Getting dressed while having a complete spinal cord injury took a little while to get used to. After years of doing it, it’s second nature now.
During the years spent feeding my legs through the trouser of my jeans, I decided that the term ‘get dressed’ doesn’t apply to me. I don’t really ‘get dressed’, but I ‘get in my jeans‘. Sometimes it feels like I wrestle to get them on.
The battle begins – the lower level
Encouraging my legs to be covered by the cloth of my attire means I have to hold a foot or ankle, place it in my jeans and then feed the fabric over the length of my skinny limb of a leg. This involves having a leg bent at the knee so I can reach the foot.
After both feet are in, the battle to get my pelvis into the butt of the garment begins. Rolling from side to side while lying on my back. Each roll allows me to inch the fabric higher each time my weight gets distributed to the side I have rolled to, allowing me to wrench up my jeans on the opposite side. It can take several attempts. The skinnier the jeans, the more difficult and time-consuming they can take to get on.
This struggle and scuffle is after I have fought to get in my pants using the same technique.
Laying on the edge
Considering how close I am to the edge of the bed is essential. The repeated rolling from side to side occasionally results in the leg nearest the edge of the bed falling off. Thankfully it doesn’t fall far due to the tightness of my hips. The knee springs back up after my extremity has made contact with my wheelchair, with a dull thud, sitting next to my bed,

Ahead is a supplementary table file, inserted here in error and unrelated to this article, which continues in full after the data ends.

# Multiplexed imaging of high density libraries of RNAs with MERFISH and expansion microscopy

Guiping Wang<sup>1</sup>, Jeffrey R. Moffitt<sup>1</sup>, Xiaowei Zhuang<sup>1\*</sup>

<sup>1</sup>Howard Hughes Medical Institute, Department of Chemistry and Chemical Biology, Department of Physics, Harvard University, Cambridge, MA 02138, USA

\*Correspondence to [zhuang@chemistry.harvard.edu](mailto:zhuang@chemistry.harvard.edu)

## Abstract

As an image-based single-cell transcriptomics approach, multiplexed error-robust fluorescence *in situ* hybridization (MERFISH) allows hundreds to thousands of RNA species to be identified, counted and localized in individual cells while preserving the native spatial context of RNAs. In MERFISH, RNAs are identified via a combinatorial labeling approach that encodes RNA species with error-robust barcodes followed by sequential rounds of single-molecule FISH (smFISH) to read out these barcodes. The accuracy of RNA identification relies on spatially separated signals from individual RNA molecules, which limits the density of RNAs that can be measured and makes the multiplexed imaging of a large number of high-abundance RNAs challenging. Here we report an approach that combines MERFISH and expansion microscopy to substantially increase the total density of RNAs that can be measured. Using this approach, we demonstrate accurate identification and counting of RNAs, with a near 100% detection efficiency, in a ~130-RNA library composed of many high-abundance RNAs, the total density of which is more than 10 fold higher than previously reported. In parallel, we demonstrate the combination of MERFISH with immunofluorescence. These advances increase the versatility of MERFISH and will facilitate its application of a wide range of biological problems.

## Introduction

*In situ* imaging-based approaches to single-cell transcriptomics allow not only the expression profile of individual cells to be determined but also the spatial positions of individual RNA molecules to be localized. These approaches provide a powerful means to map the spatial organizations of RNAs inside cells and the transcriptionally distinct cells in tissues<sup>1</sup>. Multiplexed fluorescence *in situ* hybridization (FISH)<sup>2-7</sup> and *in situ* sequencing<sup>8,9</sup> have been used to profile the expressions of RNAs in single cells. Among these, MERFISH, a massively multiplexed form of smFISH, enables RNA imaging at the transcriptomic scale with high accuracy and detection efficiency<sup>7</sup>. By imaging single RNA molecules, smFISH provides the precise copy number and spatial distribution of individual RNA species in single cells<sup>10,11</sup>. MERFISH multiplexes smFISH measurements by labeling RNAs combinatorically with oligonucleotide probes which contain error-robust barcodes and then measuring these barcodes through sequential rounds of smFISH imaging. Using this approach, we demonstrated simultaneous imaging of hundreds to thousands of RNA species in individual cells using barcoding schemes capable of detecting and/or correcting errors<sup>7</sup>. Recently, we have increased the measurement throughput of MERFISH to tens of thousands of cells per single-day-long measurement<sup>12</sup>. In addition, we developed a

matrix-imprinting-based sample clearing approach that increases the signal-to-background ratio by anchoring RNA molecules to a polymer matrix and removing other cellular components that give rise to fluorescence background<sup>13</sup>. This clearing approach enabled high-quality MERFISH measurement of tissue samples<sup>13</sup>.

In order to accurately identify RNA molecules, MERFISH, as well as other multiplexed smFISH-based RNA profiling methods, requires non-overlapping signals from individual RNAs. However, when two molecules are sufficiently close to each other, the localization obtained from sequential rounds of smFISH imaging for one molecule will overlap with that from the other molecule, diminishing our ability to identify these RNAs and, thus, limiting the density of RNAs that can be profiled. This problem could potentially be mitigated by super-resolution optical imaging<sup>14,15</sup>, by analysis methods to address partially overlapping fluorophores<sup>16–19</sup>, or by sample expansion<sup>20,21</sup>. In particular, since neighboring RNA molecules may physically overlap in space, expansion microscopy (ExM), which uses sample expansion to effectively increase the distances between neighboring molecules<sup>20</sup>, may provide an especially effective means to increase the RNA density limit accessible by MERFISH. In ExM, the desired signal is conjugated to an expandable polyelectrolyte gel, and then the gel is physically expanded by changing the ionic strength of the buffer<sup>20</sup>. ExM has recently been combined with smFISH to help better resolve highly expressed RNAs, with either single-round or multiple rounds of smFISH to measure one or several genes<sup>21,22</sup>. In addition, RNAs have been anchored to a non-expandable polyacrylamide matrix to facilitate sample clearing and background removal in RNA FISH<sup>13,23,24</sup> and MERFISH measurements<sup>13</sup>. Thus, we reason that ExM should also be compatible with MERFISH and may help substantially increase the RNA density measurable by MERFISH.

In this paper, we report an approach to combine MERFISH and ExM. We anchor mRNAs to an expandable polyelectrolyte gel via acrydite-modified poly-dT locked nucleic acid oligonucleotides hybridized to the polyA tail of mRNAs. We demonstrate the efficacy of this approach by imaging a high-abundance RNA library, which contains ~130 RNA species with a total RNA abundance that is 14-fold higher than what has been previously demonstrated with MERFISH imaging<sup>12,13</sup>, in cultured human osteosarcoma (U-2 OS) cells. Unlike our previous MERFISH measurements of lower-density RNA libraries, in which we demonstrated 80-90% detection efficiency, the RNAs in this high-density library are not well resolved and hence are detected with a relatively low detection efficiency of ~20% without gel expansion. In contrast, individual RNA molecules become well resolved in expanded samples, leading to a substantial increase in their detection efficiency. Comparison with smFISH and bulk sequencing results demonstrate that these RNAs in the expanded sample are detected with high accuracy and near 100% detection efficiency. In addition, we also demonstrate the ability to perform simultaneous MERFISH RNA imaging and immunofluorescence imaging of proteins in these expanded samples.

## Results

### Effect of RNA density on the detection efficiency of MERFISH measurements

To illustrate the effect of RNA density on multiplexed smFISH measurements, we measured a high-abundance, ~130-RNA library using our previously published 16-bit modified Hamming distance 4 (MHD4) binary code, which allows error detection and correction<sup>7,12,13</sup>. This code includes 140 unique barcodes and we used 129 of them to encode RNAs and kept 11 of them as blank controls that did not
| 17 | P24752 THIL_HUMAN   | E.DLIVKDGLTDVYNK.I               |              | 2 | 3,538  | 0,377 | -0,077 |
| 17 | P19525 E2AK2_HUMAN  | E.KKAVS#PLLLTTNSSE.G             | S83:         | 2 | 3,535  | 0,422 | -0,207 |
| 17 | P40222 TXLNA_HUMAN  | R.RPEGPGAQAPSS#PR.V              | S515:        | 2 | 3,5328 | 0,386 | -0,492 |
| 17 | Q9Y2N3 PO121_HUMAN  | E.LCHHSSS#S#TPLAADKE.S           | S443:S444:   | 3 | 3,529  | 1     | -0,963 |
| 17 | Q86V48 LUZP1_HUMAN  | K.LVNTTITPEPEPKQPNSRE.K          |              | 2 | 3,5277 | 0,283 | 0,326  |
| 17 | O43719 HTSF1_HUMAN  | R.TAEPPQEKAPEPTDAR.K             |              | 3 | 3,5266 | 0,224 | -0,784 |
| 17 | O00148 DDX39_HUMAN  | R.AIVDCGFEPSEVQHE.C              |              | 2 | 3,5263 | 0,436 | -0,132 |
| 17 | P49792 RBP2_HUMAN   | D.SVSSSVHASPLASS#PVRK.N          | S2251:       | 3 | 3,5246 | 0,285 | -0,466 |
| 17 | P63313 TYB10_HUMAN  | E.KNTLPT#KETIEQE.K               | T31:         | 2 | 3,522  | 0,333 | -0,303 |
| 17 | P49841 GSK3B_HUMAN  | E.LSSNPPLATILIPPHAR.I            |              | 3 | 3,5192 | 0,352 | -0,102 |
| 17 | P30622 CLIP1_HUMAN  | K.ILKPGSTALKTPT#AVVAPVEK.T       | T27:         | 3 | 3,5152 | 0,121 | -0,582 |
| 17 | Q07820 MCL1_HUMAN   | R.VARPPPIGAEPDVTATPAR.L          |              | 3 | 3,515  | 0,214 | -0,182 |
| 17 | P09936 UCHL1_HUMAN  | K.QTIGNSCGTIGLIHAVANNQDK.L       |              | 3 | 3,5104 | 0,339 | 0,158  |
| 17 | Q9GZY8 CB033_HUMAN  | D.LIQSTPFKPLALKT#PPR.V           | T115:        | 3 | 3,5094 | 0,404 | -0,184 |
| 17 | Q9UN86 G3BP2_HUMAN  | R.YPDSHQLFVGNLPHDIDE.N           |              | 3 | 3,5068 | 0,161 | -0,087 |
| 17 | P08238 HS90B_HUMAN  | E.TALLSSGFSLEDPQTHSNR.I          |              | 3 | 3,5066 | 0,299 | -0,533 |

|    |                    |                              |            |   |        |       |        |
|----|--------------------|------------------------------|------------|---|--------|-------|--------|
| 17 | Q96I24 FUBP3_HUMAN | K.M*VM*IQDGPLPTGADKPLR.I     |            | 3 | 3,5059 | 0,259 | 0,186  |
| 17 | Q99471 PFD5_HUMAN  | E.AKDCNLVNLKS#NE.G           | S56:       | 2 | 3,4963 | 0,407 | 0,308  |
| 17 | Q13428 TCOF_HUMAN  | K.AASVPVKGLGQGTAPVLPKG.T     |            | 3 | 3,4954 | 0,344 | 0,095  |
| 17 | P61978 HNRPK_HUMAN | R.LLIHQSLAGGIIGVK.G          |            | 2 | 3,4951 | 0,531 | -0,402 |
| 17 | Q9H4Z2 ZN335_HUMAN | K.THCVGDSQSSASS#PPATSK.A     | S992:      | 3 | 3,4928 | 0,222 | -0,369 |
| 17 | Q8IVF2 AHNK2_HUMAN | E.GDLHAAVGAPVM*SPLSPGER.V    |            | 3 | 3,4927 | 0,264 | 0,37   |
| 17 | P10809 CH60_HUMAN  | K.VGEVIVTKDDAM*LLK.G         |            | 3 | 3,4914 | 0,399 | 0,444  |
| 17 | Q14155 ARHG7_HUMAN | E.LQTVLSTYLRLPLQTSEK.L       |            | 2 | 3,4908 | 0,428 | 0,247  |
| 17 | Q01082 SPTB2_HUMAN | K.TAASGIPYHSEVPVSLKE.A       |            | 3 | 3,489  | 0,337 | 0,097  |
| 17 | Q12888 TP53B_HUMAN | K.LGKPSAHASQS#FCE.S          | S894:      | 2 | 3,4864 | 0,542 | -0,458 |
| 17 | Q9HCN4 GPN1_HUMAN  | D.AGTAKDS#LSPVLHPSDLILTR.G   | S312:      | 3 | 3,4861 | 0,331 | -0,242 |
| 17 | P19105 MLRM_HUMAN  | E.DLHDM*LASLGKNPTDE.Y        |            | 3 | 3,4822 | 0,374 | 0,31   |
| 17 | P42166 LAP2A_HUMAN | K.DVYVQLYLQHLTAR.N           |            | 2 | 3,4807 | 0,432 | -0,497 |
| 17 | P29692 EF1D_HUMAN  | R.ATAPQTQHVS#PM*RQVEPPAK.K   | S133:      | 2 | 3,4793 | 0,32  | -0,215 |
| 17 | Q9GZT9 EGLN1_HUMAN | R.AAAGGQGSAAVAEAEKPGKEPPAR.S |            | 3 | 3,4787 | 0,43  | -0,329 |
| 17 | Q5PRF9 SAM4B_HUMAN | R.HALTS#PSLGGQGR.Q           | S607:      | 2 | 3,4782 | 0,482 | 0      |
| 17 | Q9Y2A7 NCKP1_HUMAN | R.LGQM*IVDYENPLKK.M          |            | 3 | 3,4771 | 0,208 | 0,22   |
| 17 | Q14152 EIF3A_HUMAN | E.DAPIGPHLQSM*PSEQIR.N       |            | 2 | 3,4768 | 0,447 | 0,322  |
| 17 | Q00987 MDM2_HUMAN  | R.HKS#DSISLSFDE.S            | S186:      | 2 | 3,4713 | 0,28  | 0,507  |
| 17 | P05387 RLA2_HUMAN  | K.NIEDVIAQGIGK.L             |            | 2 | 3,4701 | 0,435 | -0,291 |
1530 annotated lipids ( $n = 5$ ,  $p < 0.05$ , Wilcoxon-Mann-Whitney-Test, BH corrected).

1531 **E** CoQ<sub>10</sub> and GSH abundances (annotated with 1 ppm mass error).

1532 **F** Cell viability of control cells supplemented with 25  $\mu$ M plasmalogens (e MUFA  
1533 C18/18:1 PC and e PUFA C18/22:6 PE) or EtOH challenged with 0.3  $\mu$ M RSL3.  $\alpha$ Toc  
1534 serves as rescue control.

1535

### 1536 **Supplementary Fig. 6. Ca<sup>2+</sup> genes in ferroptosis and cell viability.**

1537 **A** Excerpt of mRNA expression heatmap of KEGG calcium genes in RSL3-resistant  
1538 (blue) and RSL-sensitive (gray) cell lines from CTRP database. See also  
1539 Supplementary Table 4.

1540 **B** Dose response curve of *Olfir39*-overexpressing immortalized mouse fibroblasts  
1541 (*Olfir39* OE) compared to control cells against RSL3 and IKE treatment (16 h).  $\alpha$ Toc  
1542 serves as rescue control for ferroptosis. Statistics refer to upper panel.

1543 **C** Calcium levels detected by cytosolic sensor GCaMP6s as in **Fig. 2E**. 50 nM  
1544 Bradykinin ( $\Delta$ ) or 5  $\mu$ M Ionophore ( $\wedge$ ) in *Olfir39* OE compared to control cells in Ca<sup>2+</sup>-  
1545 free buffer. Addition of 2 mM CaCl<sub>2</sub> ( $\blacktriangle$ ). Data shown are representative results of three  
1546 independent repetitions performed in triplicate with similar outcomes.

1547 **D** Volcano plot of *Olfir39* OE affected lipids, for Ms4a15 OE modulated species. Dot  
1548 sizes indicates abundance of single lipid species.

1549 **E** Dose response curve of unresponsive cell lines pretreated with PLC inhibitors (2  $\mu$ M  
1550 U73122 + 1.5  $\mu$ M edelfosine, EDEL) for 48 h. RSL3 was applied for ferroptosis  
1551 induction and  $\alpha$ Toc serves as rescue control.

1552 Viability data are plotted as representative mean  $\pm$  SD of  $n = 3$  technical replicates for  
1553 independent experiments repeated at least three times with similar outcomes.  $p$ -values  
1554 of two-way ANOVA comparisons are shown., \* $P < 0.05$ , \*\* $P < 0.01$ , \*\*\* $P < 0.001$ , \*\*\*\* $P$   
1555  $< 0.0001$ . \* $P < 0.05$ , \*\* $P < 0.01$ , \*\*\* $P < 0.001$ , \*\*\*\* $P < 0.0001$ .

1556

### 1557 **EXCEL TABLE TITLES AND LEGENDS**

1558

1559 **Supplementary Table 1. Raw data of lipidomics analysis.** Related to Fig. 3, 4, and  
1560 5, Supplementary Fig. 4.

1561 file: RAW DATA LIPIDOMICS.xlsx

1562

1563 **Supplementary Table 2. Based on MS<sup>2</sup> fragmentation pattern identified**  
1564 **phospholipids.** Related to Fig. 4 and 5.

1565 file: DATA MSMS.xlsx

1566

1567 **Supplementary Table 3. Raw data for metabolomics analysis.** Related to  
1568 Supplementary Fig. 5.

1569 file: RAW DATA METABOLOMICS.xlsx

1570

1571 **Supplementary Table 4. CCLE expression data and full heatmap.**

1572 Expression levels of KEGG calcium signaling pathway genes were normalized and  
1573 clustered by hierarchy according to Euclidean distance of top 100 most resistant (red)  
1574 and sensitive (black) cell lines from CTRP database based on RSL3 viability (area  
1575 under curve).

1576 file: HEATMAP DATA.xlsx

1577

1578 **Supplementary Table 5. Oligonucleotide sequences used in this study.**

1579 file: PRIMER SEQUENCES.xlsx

An earlier stage
Before fighting with trousers, I like to put my feet into my socks first. I think wearing socks allows the foot to slide through the trouser leg more manageably and with less risk of catching toes at the hem.
Jumpers, t-shirts and tops – the upper level
Jumpers, t-shirts and tops can be easier to get on. Sat in my wheelchair my balance is pretty good, but I can still lose it and have to quickly grab hold of one of my rear wheels to support myself and prevent ending up on the floor. One arm at a time is the key to being victorious in staying upright.
Where it all began
This skilful art of learning to get dressed, after spinal cord injury, started during my time in rehab at the spinal centre; I don’t recall if a Physiotherapist or an Occupational Therapist stood over me explaining what I had to try and do. Over the years, the extended time I need to allow for the process of climbing into my clothes, and for it to be successful and safe, is now just part of my daily routine.
The awkward helping hand
I know everyone with a condition that brings more challenges in life does things differently; discovering their own unique methods and techniques for dressing. Sometimes a helping hand can be annoying, especially if they just start grappling to help and don’t listen to instructions – for example when putting on a coat. Albeit this can make getting dressed even more of a battle. Verbal communication is the key, whether help is needed or not.
To be a role model
Unless I start getting up super early, I am usually last up. I find this annoying! I worry I might not present myself as a good role model for my son. My Dad would always be the first up when I was growing up, either waking me up for school or work or being ready for his working day.
But I can be a role model in other ways.